A former investment banker has been fined £37,198 by the FCA after he shared confidential information about clients over messaging service WhatsApp.
Jefferies International investment banking managing director Christopher Niehaus shared confidential information with two people: one a personal acquaintance, and one a friend who was also one of the firm’s clients.
The information included client identities, the mandates his firm was working on, and the fees Jefferies was charging and, in one instance, information about a competitor.
“Niehaus also boasted about how he may be able to pay off his mortgage if one of the deals was successful,” the regulator’s fine notice reads.
The FCA says that Niehaus shared the information “because he wanted to impress the people that he shared the information with”.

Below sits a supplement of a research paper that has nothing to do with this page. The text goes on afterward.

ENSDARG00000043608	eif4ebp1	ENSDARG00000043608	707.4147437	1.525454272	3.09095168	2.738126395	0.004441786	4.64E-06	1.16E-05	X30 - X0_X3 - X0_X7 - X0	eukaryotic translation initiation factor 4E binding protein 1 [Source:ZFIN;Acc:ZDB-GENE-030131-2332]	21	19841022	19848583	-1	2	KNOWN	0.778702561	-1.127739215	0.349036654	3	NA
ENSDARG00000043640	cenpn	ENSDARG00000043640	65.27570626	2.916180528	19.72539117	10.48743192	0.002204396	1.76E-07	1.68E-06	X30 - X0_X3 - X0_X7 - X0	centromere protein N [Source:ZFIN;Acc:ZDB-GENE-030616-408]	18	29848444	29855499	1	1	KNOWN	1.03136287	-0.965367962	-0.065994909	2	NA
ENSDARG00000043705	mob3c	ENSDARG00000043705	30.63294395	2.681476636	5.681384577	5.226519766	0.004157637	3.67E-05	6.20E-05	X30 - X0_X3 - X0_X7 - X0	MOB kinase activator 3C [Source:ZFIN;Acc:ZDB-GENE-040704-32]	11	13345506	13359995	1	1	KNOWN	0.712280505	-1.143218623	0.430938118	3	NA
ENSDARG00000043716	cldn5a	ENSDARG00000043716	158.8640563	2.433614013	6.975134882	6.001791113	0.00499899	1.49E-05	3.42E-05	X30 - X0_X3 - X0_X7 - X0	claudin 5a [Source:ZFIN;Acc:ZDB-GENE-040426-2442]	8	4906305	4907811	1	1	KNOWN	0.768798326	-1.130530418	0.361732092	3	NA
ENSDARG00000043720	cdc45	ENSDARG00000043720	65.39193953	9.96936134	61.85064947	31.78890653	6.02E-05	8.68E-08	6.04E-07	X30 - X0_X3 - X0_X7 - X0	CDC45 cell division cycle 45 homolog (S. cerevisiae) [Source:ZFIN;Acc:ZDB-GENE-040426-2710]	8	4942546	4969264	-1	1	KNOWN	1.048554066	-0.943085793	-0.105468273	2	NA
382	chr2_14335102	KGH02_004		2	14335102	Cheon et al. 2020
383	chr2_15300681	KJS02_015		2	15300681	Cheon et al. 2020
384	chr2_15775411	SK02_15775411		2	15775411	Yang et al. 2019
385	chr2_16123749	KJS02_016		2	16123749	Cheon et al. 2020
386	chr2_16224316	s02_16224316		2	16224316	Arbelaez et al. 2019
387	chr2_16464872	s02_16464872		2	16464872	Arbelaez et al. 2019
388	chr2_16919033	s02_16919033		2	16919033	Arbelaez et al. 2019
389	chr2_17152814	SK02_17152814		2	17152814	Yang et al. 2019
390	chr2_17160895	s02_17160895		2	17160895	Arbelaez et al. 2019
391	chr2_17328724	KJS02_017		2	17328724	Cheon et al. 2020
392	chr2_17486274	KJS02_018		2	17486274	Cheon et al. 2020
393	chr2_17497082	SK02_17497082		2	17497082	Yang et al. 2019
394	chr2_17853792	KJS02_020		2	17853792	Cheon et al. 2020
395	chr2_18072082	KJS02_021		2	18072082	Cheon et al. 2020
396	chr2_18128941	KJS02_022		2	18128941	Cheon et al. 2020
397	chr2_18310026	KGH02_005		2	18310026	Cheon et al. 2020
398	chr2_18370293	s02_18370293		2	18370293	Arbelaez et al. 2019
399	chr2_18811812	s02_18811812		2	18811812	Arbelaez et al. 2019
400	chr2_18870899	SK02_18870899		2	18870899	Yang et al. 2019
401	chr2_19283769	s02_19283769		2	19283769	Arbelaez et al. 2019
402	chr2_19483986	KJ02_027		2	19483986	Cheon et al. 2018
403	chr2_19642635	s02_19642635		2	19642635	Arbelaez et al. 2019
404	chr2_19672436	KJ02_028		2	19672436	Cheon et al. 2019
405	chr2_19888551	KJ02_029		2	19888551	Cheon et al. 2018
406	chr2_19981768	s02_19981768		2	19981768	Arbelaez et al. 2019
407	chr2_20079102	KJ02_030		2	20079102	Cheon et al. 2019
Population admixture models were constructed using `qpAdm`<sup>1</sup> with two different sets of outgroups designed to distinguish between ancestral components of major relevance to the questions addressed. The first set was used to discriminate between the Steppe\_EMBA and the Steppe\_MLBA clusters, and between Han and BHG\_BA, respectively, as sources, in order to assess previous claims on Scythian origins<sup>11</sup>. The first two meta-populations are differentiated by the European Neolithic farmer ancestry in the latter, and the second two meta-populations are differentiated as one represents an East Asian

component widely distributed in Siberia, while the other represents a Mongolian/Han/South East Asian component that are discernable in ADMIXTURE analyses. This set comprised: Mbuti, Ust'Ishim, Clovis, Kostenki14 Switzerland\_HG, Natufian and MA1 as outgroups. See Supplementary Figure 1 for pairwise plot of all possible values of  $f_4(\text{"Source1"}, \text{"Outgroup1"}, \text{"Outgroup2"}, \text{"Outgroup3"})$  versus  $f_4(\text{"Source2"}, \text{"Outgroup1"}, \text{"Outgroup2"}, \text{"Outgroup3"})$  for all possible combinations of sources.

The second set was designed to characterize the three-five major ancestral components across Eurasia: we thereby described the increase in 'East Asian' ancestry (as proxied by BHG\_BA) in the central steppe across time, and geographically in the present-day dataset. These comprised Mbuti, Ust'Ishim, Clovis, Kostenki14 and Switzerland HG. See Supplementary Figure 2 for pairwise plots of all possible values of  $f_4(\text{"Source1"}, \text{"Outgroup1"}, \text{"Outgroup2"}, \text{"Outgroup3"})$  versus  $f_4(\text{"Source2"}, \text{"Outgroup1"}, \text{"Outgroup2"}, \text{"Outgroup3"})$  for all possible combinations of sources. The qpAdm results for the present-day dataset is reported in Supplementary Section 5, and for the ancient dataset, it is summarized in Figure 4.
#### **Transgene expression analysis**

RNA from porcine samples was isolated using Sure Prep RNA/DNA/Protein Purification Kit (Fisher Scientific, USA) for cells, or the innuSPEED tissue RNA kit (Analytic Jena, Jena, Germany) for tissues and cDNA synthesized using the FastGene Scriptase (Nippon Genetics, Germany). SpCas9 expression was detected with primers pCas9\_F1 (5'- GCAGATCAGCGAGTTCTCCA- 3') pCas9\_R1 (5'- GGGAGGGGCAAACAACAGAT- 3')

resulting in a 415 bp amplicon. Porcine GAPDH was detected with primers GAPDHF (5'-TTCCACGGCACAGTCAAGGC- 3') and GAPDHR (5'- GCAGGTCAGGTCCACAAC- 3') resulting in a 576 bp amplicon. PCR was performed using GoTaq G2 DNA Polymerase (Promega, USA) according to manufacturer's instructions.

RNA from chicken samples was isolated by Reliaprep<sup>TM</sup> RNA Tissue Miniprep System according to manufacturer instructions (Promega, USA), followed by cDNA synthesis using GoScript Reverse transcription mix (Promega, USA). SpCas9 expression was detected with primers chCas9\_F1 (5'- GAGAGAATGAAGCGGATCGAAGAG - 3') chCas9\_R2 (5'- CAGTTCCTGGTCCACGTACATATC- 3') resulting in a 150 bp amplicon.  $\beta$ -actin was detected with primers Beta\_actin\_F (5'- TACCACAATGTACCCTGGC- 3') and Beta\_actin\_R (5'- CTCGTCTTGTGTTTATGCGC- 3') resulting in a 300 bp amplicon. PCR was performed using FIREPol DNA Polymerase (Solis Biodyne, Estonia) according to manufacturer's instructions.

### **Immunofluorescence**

His position gave him “extensive access” to confidential client information, which he shared between 24 January 2016 and 16 May 2016.
The regulator found that neither the acquaintance nor friend traded on the information received, however, and that this was not what Niehaus was expecting them to do.
Niehaus was able to get a 15 per cent reduction on his fine for settling with the FCA early, sparing him a £53,140 fine.
Yesterday, research from the New City Agenda think tank suggested that, in total, financial firms and individuals have saved around £1.2bn on FCA fines over the last four years due to the regulator’s settlement discount mechanism.